Have you read "Corporate Authority: Sponsoring Rhetorical Practice" in
Spilka's Writing in the Workplace? It's not exactly a discussion of any
particular professional/business writing genre per se, but she does raise
the issue of personal autonomy being submerged in the "corporate voice," and
in the course of that she discusses various types of business documents and
how they get produced. She raises lots of ethical and socio-political
issues in a fairly even-handed way. It's about 12 pages, and not too
For video, there's DeeDee Halleck's "Watch Out Dick Tracy! Popular Video in
the Wake of the Exxon Valdez" in Technoculture (Eds. Constance Penley and
Andrew Ross, U of Minnesota P, 1991). The title dates it a bit, but I like
it because again, she offers an even-handed treatment of broadcast media.
She discusses the dominating influence of corporate, mainstream
broadcasting, but she also talks about the potential for public and cable
television to offer alternatives. Not jargony, and she's an independent
producer herself, so she writes with knowledge and conviction. This article
could be a useful starting place for a comparative analysis of production
values, content, treatment of issues, etc. of these two sub-genres. It's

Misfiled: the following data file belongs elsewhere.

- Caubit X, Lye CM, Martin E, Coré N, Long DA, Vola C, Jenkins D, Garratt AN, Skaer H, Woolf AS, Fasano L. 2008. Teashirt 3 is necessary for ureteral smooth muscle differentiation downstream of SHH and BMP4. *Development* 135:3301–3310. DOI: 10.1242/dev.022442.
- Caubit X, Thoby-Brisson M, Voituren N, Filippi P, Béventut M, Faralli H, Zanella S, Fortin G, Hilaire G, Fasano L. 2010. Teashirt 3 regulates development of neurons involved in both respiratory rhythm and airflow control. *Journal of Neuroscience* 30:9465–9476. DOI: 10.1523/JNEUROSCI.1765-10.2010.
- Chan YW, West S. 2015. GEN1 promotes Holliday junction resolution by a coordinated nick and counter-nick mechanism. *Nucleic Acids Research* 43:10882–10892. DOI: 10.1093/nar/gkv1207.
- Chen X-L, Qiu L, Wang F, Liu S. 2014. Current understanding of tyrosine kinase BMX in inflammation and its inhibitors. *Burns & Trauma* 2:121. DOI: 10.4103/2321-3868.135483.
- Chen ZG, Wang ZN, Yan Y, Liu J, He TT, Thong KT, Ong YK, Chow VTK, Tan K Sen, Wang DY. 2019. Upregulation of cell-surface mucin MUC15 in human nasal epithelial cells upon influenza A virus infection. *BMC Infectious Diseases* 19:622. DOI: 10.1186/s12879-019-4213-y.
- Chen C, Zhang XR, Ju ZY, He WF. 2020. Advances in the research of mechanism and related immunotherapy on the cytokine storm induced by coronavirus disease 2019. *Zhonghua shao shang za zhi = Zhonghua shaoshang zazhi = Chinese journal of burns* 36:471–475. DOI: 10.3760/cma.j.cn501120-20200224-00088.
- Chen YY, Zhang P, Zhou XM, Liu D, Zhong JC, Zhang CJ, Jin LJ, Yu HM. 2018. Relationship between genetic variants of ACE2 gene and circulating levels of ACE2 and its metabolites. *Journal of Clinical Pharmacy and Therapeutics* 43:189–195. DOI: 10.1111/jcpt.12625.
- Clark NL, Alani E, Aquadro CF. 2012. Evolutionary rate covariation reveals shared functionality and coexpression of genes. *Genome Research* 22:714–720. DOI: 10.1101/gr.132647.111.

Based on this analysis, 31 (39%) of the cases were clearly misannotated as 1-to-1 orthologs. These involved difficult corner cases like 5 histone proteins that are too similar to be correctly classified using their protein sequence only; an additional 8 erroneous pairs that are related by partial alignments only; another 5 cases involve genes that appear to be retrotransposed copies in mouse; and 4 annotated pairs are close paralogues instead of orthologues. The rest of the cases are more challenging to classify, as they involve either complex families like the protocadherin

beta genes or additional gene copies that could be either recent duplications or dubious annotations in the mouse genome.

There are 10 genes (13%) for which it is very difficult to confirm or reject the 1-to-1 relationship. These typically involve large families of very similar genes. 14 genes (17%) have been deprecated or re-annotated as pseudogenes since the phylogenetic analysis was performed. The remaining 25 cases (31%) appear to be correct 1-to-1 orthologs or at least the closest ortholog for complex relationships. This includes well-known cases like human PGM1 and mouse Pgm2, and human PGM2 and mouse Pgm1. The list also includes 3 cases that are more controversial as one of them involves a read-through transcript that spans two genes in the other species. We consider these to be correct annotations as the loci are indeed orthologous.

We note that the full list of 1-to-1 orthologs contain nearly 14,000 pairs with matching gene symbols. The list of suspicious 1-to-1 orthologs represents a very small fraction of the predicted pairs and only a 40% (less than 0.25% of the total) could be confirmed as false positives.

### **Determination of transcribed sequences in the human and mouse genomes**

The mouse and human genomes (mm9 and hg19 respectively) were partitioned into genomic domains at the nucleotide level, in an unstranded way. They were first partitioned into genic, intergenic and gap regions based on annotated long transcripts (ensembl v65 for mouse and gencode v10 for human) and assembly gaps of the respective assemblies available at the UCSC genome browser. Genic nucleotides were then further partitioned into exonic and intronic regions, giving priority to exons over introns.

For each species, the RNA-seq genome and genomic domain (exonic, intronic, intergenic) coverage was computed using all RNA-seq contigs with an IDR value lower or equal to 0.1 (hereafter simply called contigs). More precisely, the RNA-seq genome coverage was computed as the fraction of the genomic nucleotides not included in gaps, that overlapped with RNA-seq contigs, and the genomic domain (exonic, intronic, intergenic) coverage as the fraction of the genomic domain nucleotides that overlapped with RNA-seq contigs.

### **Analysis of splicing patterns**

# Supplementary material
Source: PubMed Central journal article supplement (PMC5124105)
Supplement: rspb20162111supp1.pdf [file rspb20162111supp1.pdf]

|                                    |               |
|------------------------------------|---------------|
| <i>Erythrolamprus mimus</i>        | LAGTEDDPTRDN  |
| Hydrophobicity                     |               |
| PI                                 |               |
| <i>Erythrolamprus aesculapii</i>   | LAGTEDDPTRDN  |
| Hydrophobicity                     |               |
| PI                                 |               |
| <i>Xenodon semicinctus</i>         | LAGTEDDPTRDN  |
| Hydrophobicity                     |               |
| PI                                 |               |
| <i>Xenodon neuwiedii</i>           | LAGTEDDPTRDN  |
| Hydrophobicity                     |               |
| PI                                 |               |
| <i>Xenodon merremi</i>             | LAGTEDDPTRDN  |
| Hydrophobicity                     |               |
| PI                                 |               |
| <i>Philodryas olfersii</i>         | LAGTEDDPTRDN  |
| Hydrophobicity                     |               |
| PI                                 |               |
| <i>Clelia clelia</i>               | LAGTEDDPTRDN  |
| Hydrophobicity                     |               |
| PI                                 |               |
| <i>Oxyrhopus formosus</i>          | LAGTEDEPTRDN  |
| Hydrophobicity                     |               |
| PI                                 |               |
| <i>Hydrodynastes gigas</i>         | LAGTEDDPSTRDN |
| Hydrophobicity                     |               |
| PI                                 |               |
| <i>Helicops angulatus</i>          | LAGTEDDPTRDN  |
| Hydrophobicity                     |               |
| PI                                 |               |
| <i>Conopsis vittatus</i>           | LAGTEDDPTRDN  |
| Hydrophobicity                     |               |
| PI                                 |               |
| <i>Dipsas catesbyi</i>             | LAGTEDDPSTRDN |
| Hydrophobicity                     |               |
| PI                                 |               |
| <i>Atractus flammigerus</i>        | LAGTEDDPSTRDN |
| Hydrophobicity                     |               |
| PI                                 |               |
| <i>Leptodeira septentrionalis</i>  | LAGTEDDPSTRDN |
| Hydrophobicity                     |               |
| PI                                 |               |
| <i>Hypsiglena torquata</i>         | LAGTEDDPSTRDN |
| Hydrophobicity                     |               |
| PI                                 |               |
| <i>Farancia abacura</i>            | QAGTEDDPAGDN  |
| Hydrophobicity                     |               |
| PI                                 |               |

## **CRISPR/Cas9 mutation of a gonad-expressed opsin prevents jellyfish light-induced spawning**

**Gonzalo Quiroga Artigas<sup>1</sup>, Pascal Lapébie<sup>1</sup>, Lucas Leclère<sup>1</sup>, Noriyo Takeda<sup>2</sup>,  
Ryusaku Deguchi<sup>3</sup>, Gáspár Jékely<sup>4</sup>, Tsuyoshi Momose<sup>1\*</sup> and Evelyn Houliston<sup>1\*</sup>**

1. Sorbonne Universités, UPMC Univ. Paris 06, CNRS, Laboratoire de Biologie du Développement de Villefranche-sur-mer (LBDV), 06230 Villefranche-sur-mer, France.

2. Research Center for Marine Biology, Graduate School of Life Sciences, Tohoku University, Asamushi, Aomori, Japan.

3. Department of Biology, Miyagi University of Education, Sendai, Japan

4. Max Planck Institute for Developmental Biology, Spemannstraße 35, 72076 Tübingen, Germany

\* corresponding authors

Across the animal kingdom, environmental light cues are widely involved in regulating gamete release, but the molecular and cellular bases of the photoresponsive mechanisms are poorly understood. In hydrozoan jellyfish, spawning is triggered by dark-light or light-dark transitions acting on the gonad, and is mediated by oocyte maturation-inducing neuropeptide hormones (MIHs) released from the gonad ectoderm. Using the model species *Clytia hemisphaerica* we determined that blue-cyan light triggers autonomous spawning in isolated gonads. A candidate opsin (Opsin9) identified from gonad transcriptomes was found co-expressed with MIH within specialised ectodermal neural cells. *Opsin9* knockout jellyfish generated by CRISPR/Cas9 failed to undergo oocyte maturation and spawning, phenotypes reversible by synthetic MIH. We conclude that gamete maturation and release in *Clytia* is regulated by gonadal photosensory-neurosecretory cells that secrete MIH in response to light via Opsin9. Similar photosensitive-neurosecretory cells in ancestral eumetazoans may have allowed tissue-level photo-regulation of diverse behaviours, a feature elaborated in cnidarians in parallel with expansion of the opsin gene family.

about 19 pages, including 2 pages of photos (and you might find other useful
articles in this collection, too).
There's also Neil Postman and Steve Powers' short book (160 pages) How to
Watch TV News (1992). Probably not surprisingly, Postman takes a pretty
adversarial stance. It is a thorough analysis of the genre though, looking
at the production process, the role of language, visuals, commercials, and
commercial interests, etc. Also not surprisingly, it's a very accessible
read, like all Postman's books and unlike some more formally structural
analyses of TV news.
At the opposite end of the technoweenie spectrum there's a book by Sherry
Turkle, for which I can't find the reference, nor do I remember the title,
but it's about 3 or 4 years old. It's the one where she talks about
("celebrates ecstatically" is more like) the potential of electronic
communication to revolutionise our notions of identity, relationships, time,
space and just about everything else. Do you know the one I mean? The issues
she raises are controversial and still timely, I think. You might find a
good excerpt in there, if you don't want the whole book.
And Teun van Dijk edits a journal called Discourse and Society which you
could check out. His own linguistic analyses are very technical, but the
journal takes a more eclectic approach, and there are (or were, I haven't
looked at it in a while) lots of media-related articles.
Sounds like a fun course, I'd be interested to see what you come up with in